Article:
Flea Market French

Georges Guy is back in a big way with La Brocante Cafe.

The duck confit salad I had for lunch at La Brocante Cafe on Kirkwood was a plate with three items. There were lightly dressed field greens, a preserved duck leg quarter that had been broiled until the skin was crunchy and a pile of deep brown shaved potatoes cooked in duck fat. I tried the potatoes first. They were cooked until they were as crispy as potato chips on the edges but moist in the middle. I followed those with some juicy thigh meat, some of the duck cracklings and then a forkful of the field greens in vinaigrette. The spectacular combination of flavors transported my palate and my imagination to the southwest of France. Suddenly, I couldn't drink iced tea. I ordered a glass of Cabernet and pretended it was Cote de Bergerac.

Before the confit salad, we had sampled an average-tasting onion soup and a wonderful "fisherman's soup." The boldly flavored fish broth was served in the style of bourride with croutons, with aioli and red pepper mayonnaise on the side along with a bowl of grated Gruyère. You spread some toast with flavored mayo and sprinkle a little cheese on top, then float it in your soup.

A salad with goat cheese and thin slices of Bayonne ham was the only clunker. The goat cheese was spread on croutons and the ham was served beside the dressed field greens. There wasn't anything wrong with the salad; it just suffered by comparison with the rest of the outstanding dishes.

The duck confit salad is a spectacular ­combination of flavors.
Troy Fields
The duck confit salad is a spectacular ­combination of flavors.

Location Info


La Brocante Cafe

2825 S. Kirkwood
Houston, TX 77082

Category: Restaurant > French

Region: Outer Loop - SW


Lunch hours:11:30 a.m. to 2 p.m. Tuesdays through Saturdays. Dinner hours: 5:30 to 8:30 p.m. Tuesdays through Thursdays, and 5:30 to 9:30 p.m. Fridays and Saturdays.

Fish soup: $8

Confit salad: $12

Oysters: $8.50

Escargot: $8.50

Snapper" $20

2825 S. Kirkwood, 281-556-0606.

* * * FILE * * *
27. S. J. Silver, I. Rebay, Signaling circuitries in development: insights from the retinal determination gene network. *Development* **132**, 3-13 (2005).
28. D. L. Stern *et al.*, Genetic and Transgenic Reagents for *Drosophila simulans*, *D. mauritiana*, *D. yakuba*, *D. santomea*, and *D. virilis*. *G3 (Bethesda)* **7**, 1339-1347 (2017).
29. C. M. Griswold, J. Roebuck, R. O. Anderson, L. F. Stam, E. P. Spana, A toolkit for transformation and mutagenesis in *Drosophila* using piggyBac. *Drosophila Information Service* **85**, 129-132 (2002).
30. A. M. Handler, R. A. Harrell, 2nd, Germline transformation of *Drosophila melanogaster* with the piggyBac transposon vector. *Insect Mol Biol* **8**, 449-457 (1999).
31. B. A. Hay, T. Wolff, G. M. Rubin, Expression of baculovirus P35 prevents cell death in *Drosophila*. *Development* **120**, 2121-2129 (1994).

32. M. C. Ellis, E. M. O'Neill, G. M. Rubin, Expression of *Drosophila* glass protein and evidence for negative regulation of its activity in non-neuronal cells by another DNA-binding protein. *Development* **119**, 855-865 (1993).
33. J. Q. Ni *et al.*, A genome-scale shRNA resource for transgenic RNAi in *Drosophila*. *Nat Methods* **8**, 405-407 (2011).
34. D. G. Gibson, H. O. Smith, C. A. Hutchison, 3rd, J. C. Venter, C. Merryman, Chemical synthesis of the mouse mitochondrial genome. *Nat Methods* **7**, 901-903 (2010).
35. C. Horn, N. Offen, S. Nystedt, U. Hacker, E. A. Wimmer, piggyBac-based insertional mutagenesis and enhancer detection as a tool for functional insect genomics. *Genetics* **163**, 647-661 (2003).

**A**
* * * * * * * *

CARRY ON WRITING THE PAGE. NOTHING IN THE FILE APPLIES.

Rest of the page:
For our other entrée, we ordered something called oysters New Orleans from the appetizer list. It turned out to be one of the best cooked oyster dishes I've ever eaten. Oysters tend to shrink when you cook them. These seemed to have swollen up in the cooking process. They were poached in a wine-flavored cream sauce with julienned leeks and chunks of bacon. Then the whole luscious mess was poured over puff pastry. Each fat oyster seemed to explode in my mouth.

I ordered another glass of wine, this one a crisp white Sauvignon blanc to go with the oysters. I don't usually drink in the afternoon, but I don't often get old-fashioned French food this good either. Whatever it was I was supposed to accomplish, the rest of the day could go to hell, I decided.

A few weeks later, on a dinner visit to La Brocante, the owner and veteran French chef Georges Guy came to our table. It wasn't any special honor. The chef went to every table that night. He and his wife ­Monique were running the front of the house and the kitchen at the same time. Georges Guy recited the specials on the blackboard, took people's orders and bussed tables. That's in addition to his duties as the chef.

When Georges and Monique Guy closed their previous restaurant, Chez Georges on Westheimer where Feast is now located, they said they were retiring. Georges is in his mid-sixties. His children and their spouses run several of the city's most successful French restaurants, so it seemed natural that the older couple would turn over the French restaurant business to the next generation. But evidently, retirement didn't suit them. I overheard Monique tell some other patrons that La Brocante is just a little place to hang out with their friends. So far, they haven't hired a staff other than a dishwasher. They do it all themselves.

With only 30 seats, the cafe is more like a large dinner party than a restaurant. La Brocante means "flea market" or "garage sale" in French. Monique Guy sells old furniture and bric-a-brac out of the space. There are price tags hanging on everything. One of the dining tables is a well-worn leather-covered card table. A wooden bed frame forms a booth. The plates are mismatched and the plastic placemats are gaudy maps of France with advice for tourists. The menu is handwritten on a blackboard.

That night my dining companion started her dinner with a vegetable terrine. The square slice of molded vegetables looked like a modern art canvas with little circles of bright green asparagus in a field of pink tomato cream with bright white creamy streaks. It looked gorgeous and tasted bland.

I got a cute little copper pot full of escargot with garlic butter and chunks of artichoke heart. The snails were wonderfully tender and the artichoke chunks offered a surprising contrast of textures. When the snails were gone, I mopped up the garlic butter with crusty French bread and gathered the rest of the artichoke heart on each piece of bread.

I much preferred my companion's entrée of Gulf red snapper with fennel to my cassoulet. The fish was a generous portion, and the fennel in butter sauce was an unusual side. The filet was artfully arranged on piped coils of mashed potatoes with a garnish of steamed green beans.

The cassoulet was a bowl of white beans with a Toulouse sausage buried within, along with some duck confit. A chunk of roast pork still on the bone was balanced on top. Once I might have been content with this humble dish, but I'm afraid I've been spoiled by the cassoulet at Feast, which comes to the table in a big round casserole bubbling hot out of the oven and topped with a crispy crust of bread crumbs.

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